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By Ted Cruz
Israel saves its enemies; Hamas endangers its friends
Topic - W. Bradford Wilcox
A "national retreat" from marriage could worsen social divides between the married and unmarried and plummeting rates are partly due to religious groups failing to reach the working class, says one scholar.
Church support for marriage among poor and middle class Americans can play a key role in combating income inequality and providing a good environment for children, a sociologist told the U.S. bishops.
Differences in male-female parenting styles are not imaginary or based on stereotypes, according to an extensive survey released Monday.
Parenthood changes both men and women "from the inside out." A new report outlines what happens physically and mentally and why it matters.
Demographic and cultural signs indicate that the marriage rate, down 50 percent since the 1970s, may be ready to climb again, just as nonmarital childbearing may be dropping, as well.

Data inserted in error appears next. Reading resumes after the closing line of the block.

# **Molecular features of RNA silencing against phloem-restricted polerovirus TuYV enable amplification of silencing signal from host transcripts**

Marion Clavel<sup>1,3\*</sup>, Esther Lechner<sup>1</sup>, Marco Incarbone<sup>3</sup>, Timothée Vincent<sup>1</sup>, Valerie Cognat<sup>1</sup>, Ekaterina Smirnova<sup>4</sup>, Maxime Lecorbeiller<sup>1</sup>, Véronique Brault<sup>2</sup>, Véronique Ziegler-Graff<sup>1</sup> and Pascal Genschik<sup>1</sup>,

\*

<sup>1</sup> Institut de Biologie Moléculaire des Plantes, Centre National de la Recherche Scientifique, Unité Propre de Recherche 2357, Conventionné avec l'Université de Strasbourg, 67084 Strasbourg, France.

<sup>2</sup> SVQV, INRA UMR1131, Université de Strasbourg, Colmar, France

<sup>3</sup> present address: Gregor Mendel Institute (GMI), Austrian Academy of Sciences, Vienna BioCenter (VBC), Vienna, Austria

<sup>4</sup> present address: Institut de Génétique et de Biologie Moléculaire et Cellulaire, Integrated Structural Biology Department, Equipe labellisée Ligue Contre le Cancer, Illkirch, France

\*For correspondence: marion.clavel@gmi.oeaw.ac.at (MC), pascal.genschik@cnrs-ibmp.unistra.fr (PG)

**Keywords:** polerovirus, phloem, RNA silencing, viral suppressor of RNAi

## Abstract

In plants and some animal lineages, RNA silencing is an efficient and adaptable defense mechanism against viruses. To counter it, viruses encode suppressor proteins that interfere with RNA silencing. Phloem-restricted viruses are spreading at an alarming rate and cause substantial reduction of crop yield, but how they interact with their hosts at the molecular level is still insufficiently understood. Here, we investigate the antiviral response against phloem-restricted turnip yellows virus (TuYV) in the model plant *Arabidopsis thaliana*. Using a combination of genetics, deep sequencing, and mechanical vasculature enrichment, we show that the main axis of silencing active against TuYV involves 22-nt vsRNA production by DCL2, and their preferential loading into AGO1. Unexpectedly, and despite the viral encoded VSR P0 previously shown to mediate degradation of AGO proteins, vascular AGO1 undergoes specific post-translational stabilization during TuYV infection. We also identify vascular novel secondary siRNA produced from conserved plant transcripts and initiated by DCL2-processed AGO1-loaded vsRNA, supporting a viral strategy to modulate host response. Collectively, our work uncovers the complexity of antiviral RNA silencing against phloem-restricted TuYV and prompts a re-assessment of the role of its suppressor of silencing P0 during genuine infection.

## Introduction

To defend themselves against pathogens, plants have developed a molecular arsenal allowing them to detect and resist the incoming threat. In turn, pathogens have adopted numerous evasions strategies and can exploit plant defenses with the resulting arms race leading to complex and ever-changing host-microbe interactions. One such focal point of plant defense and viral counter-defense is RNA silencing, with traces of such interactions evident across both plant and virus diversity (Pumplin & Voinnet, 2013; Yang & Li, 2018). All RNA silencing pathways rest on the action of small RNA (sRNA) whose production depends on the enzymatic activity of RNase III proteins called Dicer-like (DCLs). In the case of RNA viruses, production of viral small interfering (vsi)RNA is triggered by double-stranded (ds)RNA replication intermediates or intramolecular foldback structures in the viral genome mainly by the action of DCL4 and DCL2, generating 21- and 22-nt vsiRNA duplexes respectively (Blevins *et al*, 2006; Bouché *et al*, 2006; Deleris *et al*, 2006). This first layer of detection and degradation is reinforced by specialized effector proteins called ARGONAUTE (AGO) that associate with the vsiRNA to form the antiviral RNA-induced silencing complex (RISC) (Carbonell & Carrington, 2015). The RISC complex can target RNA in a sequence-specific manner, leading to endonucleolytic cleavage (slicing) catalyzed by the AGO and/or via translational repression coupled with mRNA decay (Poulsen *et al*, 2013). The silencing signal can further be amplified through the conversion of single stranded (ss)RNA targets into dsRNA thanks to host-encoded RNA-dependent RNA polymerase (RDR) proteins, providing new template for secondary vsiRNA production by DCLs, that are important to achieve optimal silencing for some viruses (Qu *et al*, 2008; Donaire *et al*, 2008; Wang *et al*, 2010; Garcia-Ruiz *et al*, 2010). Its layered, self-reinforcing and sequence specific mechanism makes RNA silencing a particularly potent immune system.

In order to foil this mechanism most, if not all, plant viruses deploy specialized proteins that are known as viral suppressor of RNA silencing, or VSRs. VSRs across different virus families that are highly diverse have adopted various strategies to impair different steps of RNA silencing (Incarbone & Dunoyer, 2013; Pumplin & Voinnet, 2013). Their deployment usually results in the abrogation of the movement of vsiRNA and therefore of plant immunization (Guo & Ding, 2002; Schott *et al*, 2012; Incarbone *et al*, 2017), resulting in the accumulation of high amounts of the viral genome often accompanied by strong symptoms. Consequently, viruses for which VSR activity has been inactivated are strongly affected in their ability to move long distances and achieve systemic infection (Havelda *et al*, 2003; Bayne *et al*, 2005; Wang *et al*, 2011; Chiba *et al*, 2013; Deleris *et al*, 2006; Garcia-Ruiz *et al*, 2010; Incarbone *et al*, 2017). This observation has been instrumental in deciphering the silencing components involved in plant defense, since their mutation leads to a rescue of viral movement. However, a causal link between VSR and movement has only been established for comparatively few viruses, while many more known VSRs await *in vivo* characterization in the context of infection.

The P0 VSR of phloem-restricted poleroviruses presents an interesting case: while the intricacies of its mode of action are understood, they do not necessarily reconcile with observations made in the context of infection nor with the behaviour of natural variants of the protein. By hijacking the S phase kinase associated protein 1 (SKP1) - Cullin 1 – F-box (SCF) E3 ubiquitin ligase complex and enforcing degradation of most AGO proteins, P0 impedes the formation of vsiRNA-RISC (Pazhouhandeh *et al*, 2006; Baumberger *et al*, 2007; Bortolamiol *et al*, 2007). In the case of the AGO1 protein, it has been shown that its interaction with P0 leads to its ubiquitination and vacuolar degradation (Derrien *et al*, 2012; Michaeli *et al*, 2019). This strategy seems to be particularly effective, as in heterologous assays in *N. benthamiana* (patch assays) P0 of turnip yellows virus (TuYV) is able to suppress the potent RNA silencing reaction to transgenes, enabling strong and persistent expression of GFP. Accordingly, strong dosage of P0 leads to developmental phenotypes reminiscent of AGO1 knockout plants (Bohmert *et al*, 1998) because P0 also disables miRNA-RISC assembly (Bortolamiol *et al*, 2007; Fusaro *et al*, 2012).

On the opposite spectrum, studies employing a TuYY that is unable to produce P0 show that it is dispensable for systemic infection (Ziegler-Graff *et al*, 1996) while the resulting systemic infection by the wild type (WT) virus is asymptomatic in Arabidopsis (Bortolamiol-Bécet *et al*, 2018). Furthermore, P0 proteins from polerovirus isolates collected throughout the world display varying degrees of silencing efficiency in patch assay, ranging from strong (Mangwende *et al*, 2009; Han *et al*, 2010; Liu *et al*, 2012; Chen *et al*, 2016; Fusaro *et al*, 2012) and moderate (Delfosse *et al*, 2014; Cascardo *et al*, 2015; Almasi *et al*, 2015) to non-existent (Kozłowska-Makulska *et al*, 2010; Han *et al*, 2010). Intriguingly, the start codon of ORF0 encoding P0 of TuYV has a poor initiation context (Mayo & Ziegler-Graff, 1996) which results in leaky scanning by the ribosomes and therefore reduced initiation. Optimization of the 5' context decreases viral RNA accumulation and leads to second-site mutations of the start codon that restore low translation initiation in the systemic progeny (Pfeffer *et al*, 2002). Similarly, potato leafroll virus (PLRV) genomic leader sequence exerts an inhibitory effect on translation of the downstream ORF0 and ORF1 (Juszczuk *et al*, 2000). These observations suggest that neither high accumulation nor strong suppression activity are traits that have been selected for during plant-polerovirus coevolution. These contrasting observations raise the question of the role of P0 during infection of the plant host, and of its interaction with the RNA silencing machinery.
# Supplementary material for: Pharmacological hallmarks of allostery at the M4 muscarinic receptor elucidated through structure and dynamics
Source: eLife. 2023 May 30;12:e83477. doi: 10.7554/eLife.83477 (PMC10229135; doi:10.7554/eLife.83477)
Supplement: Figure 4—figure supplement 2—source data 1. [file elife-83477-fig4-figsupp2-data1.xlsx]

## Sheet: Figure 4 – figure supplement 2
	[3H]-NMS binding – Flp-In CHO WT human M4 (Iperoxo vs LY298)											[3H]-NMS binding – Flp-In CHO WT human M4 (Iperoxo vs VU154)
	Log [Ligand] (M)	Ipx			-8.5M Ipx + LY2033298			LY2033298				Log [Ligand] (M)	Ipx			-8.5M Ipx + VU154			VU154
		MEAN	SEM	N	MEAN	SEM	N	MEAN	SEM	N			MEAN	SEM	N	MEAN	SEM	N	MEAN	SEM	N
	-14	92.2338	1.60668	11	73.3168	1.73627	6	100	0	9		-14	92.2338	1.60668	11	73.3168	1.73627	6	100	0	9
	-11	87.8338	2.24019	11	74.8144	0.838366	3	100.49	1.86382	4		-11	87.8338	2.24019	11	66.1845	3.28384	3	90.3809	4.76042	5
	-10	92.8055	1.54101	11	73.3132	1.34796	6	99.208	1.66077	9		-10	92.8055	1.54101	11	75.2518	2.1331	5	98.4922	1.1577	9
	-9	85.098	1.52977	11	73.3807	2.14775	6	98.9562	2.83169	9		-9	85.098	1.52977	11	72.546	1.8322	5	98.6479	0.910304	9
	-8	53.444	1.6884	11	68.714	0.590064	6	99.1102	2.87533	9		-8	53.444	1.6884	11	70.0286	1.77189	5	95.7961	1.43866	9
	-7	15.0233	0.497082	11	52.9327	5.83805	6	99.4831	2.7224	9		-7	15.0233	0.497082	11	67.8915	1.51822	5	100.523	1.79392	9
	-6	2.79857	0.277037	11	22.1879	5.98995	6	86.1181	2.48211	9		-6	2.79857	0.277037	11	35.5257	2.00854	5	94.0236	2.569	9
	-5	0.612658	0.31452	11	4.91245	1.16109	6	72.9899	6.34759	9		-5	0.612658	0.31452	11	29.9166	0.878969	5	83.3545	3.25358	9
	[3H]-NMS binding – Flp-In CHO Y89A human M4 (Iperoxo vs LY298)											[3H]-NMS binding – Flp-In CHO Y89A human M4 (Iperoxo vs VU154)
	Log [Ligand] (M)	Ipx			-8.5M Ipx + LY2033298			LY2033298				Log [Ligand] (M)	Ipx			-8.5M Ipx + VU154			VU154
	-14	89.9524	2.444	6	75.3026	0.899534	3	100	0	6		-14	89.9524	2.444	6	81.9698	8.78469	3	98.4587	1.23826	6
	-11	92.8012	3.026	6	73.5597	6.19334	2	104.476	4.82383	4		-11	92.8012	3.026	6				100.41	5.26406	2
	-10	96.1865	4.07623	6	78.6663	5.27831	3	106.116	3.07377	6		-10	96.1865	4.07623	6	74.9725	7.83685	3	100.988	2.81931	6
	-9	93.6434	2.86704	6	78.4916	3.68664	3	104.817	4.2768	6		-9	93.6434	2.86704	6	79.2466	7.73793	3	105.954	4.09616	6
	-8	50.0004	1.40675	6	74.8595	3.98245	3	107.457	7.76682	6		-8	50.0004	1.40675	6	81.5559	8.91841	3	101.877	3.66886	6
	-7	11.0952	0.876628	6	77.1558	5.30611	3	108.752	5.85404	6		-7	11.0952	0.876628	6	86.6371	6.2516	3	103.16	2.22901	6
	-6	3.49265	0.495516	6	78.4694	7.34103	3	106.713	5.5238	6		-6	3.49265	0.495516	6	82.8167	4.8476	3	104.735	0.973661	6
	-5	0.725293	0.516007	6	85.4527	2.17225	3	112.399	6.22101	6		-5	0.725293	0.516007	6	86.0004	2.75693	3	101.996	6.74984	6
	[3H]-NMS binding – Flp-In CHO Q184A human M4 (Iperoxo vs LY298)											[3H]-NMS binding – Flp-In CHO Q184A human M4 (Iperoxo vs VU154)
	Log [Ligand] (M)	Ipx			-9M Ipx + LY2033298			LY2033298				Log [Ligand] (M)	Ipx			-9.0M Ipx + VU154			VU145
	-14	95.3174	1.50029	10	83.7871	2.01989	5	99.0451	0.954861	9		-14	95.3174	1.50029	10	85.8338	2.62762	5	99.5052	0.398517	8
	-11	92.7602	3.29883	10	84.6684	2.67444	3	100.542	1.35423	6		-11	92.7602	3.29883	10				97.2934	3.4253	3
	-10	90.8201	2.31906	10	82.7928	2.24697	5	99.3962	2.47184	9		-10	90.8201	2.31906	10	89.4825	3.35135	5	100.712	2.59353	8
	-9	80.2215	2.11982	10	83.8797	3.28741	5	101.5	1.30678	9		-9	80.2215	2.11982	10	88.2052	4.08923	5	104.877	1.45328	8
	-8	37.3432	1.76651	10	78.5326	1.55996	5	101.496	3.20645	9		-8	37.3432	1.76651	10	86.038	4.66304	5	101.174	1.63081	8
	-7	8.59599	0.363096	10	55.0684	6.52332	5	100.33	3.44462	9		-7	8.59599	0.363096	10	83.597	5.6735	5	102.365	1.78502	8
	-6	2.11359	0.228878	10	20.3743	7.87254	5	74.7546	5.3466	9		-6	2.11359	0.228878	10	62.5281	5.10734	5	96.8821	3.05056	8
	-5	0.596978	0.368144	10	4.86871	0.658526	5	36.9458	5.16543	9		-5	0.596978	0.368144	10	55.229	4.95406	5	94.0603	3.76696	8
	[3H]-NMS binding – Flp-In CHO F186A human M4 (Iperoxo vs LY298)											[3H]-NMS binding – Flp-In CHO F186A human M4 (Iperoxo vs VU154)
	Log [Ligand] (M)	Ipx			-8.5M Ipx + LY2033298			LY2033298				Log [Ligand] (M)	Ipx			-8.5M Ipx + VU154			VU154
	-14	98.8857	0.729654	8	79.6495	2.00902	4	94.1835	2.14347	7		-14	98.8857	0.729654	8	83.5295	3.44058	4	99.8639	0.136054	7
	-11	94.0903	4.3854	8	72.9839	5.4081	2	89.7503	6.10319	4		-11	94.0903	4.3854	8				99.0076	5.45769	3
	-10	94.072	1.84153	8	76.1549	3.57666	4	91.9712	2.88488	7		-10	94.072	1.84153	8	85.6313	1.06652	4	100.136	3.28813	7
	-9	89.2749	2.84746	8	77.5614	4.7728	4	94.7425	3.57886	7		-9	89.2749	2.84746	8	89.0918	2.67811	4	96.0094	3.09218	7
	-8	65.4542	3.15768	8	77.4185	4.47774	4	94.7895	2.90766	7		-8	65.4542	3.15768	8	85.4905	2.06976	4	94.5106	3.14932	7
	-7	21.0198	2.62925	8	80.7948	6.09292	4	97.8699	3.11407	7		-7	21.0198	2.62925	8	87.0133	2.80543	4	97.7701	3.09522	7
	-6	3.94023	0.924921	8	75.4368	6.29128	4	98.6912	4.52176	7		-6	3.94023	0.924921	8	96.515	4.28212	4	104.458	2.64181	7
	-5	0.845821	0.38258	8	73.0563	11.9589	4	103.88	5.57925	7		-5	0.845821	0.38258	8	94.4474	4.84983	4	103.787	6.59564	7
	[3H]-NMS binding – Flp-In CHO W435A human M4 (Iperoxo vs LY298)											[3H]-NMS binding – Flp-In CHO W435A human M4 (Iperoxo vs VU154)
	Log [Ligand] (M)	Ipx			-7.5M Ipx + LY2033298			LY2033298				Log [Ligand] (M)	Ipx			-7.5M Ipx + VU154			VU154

Cohabiting is an emerging threat to the health of children and society, two new research reports say.
For at least a generation, marriage and family cohesion have been unraveling in America's low-income families. Now this rending of family ties is spreading into America's middle class, the home of hard-working, blue-collar, service-industry people who graduated from high school but didn't quite land that college degree.
In addition to an "education gap" in marriage, there is also a "faith gap," says the new State of Our Unions report on marriage.
Fully two-thirds of Americans believe in the concept of soul mates, where "two people are destined to be together," according to a recent Marist Poll.
He said that religious communities, which have provided a significant source of community support for marriage, bear some responsibility for trends like the decline in marriage rates.
Wilcox said that both conservative and liberal explanations for the decline in marriage have merit.